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Published on Jan 16, 2012
In most states, the state legislature reconfigures its own map and the congressional map every ten years when the census numbers are finalized. Fifteen states have created redistricting commissions claiming that these commissions would be less politic cal.
The fact is that even in the states that create district maps by special commissions with tie breaking voters are political. They don't start out that way. Everyone makes great speeches about "fairness" and "equity" but in the end, in every state that redistricts by commission, it is a political decision based on party politics. Diane Carman writing for the Denver Post ten years ago said, "Getting the partisanship out of politics is like trying to take the sex out of porn."
Since the beginning of our nation, there was always gamesmanship. The most famous story comes to us from Massachusetts in 1812. Governor Eldbridge Gerry, a patriot who was outspoken in his support for Samuel Adams before the American Revolution, takes the rap for the redistricting practice known as "Gerrymandering." Gerry was the leader of the Democratic - Republican Party in Massachusetts. To prevent the Federalists from winning control of Massachusetts, Gerry supported a map that captured 29 legislative seats for his Democratic Republican party and only 11 seats for the Federalist Party even though the Democratic Republican party only had 50,164 votes while the Federalists had 51,766 votes in Massachusetts. The Gerrymandering of Massachusetts gave a more than 2 to one majority to a political party that represented less than half of the voting population.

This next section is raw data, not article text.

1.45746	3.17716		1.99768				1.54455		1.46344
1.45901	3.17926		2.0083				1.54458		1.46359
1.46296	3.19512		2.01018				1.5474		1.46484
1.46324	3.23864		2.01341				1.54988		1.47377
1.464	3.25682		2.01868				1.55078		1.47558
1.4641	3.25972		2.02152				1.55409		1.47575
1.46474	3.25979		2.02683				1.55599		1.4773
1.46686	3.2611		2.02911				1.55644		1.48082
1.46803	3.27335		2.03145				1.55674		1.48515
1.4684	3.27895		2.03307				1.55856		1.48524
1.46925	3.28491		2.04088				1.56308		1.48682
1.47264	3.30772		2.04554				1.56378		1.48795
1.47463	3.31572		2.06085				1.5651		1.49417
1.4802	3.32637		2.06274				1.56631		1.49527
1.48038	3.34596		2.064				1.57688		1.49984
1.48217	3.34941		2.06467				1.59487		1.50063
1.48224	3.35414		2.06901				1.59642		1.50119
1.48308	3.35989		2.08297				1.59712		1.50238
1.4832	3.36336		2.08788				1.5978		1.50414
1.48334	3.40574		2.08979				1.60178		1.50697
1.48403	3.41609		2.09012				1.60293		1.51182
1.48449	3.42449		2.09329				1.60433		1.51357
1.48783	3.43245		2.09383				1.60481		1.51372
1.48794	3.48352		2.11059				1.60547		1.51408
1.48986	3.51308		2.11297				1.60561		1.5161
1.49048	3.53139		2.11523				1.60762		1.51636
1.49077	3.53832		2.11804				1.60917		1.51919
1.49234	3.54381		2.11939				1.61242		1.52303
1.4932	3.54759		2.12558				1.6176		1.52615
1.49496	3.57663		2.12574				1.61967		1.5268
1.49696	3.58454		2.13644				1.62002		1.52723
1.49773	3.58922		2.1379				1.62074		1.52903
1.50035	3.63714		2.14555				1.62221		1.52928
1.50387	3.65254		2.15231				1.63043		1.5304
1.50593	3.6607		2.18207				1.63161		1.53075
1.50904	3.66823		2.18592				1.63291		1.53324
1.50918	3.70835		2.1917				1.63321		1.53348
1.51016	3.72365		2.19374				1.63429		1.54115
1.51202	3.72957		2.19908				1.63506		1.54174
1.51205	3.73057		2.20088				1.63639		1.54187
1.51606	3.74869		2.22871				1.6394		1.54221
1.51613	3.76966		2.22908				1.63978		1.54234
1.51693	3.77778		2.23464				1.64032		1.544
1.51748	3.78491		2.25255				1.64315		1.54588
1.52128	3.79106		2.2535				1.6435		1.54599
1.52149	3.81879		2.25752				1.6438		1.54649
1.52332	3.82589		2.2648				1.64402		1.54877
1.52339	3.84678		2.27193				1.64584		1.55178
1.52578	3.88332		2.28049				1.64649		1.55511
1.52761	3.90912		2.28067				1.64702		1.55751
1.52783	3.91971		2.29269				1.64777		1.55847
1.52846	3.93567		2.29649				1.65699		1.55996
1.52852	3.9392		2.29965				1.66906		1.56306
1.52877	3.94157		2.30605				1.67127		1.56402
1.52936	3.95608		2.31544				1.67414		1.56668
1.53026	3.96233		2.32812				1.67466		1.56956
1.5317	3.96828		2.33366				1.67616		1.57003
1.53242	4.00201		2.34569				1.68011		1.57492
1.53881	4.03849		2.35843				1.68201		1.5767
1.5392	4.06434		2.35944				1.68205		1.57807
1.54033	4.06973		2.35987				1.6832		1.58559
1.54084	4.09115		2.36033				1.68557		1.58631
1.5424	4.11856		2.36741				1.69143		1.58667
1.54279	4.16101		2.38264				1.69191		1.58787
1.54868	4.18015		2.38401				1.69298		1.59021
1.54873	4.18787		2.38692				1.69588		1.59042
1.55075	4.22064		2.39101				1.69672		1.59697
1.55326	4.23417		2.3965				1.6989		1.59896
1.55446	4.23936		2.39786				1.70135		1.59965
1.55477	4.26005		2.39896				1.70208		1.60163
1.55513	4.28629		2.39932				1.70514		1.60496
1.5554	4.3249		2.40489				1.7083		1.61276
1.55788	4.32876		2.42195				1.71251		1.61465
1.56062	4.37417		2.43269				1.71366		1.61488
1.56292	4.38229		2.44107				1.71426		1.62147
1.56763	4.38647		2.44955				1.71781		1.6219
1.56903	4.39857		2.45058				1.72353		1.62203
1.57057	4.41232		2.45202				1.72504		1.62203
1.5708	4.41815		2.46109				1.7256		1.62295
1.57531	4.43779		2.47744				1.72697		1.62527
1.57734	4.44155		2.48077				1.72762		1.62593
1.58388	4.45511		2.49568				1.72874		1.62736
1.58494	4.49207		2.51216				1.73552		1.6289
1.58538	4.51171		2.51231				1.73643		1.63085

Even as the work of the state legislatures and commissions conclude their deliberations and recommend new voting maps over the next several months, redistricting will remain in the news for years. There will be new issues that the courts will be called upon to decide and the political gamesmanship between the political parties will inevitably work its way to the judicial branch of government as their referee.